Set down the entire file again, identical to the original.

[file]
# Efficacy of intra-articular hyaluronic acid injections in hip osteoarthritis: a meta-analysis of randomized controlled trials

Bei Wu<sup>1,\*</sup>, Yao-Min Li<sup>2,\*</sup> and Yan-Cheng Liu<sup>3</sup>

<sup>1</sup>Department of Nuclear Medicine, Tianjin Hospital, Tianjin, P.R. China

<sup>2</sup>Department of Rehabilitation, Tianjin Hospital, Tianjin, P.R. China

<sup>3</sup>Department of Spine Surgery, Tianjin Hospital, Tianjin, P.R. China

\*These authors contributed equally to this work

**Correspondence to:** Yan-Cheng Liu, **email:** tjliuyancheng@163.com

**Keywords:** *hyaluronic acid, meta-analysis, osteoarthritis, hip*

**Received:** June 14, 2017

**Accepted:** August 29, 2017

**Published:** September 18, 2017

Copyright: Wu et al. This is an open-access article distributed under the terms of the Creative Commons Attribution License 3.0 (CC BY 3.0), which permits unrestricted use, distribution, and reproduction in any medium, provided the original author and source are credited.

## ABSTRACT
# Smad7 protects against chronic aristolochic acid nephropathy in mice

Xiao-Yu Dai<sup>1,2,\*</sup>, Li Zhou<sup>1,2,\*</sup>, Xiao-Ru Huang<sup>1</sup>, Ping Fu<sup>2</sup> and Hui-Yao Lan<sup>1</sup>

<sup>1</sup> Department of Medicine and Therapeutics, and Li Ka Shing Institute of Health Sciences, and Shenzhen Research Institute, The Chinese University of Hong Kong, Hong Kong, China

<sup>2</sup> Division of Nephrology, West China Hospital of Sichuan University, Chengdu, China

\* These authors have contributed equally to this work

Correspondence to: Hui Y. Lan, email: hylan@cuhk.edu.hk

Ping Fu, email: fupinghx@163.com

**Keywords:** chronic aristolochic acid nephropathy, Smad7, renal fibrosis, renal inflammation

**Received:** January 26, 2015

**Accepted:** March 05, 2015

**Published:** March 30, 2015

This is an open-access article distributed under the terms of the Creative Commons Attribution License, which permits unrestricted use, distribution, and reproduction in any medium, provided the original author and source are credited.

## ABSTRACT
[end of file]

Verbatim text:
# Efficacy of intra-articular hyaluronic acid injections in hip osteoarthritis: a meta-analysis of randomized controlled trials

Bei Wu<sup>1,\*</sup>, Yao-Min Li<sup>2,\*</sup> and Yan-Cheng Liu<sup>3</sup>

<sup>1</sup>Department of Nuclear Medicine, Tianjin Hospital, Tianjin, P.R. China

<sup>2</sup>Department of Rehabilitation, Tianjin Hospital, Tianjin, P.R. China

<sup>3</sup>Department of Spine Surgery, Tianjin Hospital, Tianjin, P.R. China

\*These authors contributed equally to this work

**Correspondence to:** Yan-Cheng Liu, **email:** tjliuyancheng@163.com

**Keywords:** *hyaluronic acid, meta-analysis, osteoarthritis, hip*

**Received:** June 14, 2017

**Accepted:** August 29, 2017

**Published:** September 18, 2017

Copyright: Wu et al. This is an open-access article distributed under the terms of the Creative Commons Attribution License 3.0 (CC BY 3.0), which permits unrestricted use, distribution, and reproduction in any medium, provided the original author and source are credited.

## ABSTRACT
# Smad7 protects against chronic aristolochic acid nephropathy in mice

Xiao-Yu Dai<sup>1,2,\*</sup>, Li Zhou<sup>1,2,\*</sup>, Xiao-Ru Huang<sup>1</sup>, Ping Fu<sup>2</sup> and Hui-Yao Lan<sup>1</sup>

<sup>1</sup> Department of Medicine and Therapeutics, and Li Ka Shing Institute of Health Sciences, and Shenzhen Research Institute, The Chinese University of Hong Kong, Hong Kong, China

<sup>2</sup> Division of Nephrology, West China Hospital of Sichuan University, Chengdu, China

\* These authors have contributed equally to this work

Correspondence to: Hui Y. Lan, email: hylan@cuhk.edu.hk

Ping Fu, email: fupinghx@163.com

**Keywords:** chronic aristolochic acid nephropathy, Smad7, renal fibrosis, renal inflammation

**Received:** January 26, 2015

**Accepted:** March 05, 2015

**Published:** March 30, 2015

This is an open-access article distributed under the terms of the Creative Commons Attribution License, which permits unrestricted use, distribution, and reproduction in any medium, provided the original author and source are credited.

## ABSTRACT